But almost opposed to that artifact-centered view, I've also grown in sympathy (though only the vaguest understanding) of modern Archaeological thought and method. And that I also want to talk about even in a work of genre fiction.

So you could say that almost what I want to write is an anti-Lara Croft. An Indiana Jones who understands and honors antiquities protection, a Nathan Drake with an actual academic background. Someone who isn't inclined by skills or nature to whip out a dual pair of pistols at every excuse. A Scully, though possibly in a Mulder universe.

The biggest problem I have is close to the heart of the dichotomy between actual Archaeology and the fictional exploits of pop-culture figures who only carry the name. And that is, in short, I don't believe in aliens.

I find the real world spectacular and surprising. But I'm up against a genre expectation of lost sciences and ancient technologies and sprawling underground complexes. Or, to get to the heart of it, to mysteries uncovered.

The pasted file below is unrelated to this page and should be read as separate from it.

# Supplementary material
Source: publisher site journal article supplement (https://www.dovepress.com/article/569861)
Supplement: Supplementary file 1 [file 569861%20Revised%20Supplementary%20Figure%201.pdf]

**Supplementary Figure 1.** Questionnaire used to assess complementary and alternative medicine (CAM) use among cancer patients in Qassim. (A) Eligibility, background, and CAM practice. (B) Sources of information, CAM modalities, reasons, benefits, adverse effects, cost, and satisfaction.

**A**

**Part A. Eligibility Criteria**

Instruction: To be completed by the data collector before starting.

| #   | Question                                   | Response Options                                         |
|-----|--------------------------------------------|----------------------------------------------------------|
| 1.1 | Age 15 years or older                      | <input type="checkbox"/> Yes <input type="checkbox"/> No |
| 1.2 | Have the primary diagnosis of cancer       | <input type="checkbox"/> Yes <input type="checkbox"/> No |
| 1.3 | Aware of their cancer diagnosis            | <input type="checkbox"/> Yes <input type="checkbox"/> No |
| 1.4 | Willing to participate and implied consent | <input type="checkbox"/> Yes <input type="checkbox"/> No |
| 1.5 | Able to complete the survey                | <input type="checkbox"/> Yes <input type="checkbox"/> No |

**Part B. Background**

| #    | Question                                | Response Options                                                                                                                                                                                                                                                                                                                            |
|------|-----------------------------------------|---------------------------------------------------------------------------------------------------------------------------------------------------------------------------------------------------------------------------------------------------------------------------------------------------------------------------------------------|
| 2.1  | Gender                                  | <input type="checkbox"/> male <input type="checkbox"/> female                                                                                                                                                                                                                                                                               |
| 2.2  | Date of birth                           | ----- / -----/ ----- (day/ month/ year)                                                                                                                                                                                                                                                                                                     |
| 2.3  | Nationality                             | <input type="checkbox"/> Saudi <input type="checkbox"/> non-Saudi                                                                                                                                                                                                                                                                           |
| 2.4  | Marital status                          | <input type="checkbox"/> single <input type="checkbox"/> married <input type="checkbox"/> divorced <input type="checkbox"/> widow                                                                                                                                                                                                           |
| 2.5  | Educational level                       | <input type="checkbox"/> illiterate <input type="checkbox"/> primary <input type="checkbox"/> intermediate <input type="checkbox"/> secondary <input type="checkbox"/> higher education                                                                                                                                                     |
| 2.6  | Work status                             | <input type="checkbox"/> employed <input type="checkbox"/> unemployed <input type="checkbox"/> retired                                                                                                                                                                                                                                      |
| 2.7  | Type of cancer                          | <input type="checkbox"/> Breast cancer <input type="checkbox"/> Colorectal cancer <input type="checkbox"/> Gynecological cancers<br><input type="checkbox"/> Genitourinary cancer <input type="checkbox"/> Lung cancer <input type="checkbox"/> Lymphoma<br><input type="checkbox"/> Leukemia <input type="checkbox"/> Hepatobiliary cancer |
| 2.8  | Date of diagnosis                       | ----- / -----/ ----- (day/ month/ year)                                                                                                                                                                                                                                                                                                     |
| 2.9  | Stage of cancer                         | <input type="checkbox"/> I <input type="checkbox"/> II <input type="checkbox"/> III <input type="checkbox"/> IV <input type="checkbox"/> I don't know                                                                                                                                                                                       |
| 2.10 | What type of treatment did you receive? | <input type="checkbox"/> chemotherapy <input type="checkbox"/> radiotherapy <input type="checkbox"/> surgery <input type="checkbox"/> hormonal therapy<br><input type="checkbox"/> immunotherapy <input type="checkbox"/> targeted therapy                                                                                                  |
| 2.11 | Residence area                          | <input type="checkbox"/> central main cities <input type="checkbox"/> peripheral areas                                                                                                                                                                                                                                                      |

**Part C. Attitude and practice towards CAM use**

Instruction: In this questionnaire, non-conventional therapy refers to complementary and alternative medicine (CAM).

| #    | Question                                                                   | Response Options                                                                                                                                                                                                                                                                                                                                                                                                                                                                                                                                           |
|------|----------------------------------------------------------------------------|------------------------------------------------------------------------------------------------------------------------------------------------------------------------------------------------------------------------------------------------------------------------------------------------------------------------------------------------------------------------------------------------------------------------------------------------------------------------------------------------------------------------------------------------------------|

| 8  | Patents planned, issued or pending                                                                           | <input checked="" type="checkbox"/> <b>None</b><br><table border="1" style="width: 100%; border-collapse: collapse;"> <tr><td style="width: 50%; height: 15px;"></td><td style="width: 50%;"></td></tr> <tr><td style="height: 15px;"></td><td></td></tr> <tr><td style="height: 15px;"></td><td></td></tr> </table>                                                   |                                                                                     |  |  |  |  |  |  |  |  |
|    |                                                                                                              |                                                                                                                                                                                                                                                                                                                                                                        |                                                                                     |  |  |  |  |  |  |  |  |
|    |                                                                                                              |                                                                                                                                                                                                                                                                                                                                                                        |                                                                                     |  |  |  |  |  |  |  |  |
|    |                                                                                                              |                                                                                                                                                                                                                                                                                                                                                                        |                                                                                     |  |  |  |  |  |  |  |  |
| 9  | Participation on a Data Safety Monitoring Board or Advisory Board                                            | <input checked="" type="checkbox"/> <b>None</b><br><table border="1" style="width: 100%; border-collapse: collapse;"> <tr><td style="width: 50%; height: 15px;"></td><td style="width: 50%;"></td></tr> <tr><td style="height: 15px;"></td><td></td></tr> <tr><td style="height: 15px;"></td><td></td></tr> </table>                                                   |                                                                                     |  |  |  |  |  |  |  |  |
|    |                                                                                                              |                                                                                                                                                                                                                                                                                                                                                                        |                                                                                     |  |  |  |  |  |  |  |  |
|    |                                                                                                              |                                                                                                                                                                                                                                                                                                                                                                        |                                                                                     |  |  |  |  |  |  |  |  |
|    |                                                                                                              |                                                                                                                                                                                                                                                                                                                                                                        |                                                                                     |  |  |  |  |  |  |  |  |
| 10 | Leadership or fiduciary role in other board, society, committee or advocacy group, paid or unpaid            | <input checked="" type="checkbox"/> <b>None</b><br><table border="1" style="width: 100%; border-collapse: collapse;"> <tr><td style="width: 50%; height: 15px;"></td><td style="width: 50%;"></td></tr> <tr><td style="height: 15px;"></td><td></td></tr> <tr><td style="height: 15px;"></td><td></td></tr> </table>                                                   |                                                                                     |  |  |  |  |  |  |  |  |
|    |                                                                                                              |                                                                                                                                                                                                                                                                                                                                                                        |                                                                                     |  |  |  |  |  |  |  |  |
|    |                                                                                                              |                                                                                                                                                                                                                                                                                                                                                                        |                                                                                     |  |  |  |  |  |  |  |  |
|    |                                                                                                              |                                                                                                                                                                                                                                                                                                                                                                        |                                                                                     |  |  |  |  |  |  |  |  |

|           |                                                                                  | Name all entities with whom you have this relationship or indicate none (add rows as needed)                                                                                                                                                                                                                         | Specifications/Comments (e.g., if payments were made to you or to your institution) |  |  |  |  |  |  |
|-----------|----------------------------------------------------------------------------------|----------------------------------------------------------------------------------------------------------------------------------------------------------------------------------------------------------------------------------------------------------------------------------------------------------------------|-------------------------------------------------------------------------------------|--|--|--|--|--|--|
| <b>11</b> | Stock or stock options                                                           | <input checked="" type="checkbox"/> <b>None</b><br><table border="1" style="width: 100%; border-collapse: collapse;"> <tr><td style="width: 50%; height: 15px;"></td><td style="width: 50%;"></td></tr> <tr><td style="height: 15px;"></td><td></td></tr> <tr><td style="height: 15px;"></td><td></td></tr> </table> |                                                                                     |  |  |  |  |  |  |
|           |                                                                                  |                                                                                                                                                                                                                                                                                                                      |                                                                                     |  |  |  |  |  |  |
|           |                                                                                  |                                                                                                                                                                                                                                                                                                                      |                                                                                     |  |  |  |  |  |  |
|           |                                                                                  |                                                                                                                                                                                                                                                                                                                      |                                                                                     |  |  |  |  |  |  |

After reading through dusty archives and interviewing strange reclusive people in far-off exotic lands and cutting through jungle and fighting off disease and weather and animal attacks, the reader has a legitimate expectation to find something other than that the Moai of Rapa Nui were carved to honor local chiefs and walked into place with a rocking motion with ropes and lots of willing hands.

So what to do?

I could make a convincing case for a view that is minority but otherwise has academic respectability. Such as, for instance, the two waves of prehistoric colonization into the Americas (and, no, the Solutreans are not one of them). I can't do this because this would be mostly of interest to academics, and they are a tough audience. I like research, but I know my limitations!